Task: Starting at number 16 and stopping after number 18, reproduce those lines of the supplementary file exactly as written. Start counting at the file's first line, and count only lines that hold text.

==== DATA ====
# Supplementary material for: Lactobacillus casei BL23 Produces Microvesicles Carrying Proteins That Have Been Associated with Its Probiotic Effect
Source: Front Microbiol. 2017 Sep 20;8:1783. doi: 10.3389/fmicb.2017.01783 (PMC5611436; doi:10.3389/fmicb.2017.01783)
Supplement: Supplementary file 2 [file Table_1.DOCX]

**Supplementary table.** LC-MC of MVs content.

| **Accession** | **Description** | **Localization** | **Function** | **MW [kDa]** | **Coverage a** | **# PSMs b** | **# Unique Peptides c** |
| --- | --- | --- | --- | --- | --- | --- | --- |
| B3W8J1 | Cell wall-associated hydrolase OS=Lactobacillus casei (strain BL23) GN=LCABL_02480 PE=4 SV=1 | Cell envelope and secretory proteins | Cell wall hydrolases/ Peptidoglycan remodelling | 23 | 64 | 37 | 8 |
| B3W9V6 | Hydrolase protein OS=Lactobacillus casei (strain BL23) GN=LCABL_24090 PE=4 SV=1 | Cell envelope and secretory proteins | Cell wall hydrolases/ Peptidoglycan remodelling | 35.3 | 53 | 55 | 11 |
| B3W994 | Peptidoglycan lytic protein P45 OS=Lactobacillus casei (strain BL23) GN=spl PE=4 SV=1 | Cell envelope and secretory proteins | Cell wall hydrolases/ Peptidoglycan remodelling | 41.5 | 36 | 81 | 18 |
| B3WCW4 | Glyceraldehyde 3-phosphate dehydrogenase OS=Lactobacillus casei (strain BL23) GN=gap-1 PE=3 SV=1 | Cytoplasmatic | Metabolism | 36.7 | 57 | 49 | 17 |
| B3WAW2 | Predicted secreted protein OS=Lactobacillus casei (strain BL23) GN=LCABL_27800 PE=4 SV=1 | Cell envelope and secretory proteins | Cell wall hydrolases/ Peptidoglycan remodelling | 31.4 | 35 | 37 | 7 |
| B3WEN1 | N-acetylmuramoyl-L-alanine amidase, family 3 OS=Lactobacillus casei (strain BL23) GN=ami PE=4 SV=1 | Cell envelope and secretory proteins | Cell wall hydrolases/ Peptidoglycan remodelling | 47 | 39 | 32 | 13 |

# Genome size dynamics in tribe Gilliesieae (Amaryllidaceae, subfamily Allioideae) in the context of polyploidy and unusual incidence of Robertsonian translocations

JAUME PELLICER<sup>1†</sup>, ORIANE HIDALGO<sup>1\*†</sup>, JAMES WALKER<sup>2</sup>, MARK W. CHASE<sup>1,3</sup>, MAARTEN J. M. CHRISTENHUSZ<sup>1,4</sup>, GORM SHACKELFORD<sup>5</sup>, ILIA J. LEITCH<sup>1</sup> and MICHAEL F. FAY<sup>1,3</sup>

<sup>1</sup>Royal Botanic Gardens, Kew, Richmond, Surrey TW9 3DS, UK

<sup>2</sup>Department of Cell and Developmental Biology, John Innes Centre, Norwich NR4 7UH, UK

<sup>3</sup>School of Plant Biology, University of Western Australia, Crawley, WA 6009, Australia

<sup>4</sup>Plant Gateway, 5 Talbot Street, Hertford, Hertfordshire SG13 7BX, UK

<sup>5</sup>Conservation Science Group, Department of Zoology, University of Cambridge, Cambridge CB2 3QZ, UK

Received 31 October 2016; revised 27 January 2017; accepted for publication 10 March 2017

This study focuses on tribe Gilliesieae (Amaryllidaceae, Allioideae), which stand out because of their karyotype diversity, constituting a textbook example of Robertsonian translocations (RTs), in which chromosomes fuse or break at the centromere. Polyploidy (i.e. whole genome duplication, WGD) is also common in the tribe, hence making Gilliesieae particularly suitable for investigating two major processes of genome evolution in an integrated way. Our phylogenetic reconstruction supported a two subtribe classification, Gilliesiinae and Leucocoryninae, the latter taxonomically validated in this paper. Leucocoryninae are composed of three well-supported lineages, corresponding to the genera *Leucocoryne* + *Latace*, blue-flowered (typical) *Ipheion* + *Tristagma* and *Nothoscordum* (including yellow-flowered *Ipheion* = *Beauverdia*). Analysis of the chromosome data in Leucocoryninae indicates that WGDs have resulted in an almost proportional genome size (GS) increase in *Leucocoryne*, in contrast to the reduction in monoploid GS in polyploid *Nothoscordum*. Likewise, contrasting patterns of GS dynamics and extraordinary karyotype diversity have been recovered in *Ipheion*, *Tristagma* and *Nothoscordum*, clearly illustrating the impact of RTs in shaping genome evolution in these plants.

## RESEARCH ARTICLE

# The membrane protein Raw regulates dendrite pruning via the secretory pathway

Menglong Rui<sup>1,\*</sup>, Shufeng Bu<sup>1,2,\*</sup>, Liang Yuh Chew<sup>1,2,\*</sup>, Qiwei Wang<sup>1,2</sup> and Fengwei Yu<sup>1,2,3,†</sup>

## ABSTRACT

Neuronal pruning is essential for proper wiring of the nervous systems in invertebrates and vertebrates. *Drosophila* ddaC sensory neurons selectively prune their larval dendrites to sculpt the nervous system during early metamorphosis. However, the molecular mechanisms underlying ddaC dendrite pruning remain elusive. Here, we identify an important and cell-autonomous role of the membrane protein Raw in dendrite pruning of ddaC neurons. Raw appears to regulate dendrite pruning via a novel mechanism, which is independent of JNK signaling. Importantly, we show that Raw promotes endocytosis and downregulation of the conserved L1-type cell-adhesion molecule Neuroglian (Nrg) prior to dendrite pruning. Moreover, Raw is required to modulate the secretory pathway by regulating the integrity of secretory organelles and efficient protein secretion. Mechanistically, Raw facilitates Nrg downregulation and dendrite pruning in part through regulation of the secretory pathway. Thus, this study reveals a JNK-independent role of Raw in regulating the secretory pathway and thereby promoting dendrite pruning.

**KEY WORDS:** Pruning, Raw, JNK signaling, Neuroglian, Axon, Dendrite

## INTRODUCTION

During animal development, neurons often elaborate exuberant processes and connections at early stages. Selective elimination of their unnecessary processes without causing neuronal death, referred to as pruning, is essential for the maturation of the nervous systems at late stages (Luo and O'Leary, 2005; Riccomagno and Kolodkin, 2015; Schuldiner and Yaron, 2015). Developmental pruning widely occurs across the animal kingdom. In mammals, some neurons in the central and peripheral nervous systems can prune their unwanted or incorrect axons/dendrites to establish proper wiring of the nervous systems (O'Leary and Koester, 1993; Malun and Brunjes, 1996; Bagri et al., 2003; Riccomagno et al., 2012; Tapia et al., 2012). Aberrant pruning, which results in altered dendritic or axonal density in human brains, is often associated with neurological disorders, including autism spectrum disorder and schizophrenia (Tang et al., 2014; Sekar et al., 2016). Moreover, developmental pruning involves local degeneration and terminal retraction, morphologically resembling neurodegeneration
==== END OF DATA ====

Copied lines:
<sup>2</sup>Department of Cell and Developmental Biology, John Innes Centre, Norwich NR4 7UH, UK

<sup>3</sup>School of Plant Biology, University of Western Australia, Crawley, WA 6009, Australia

<sup>4</sup>Plant Gateway, 5 Talbot Street, Hertford, Hertfordshire SG13 7BX, UK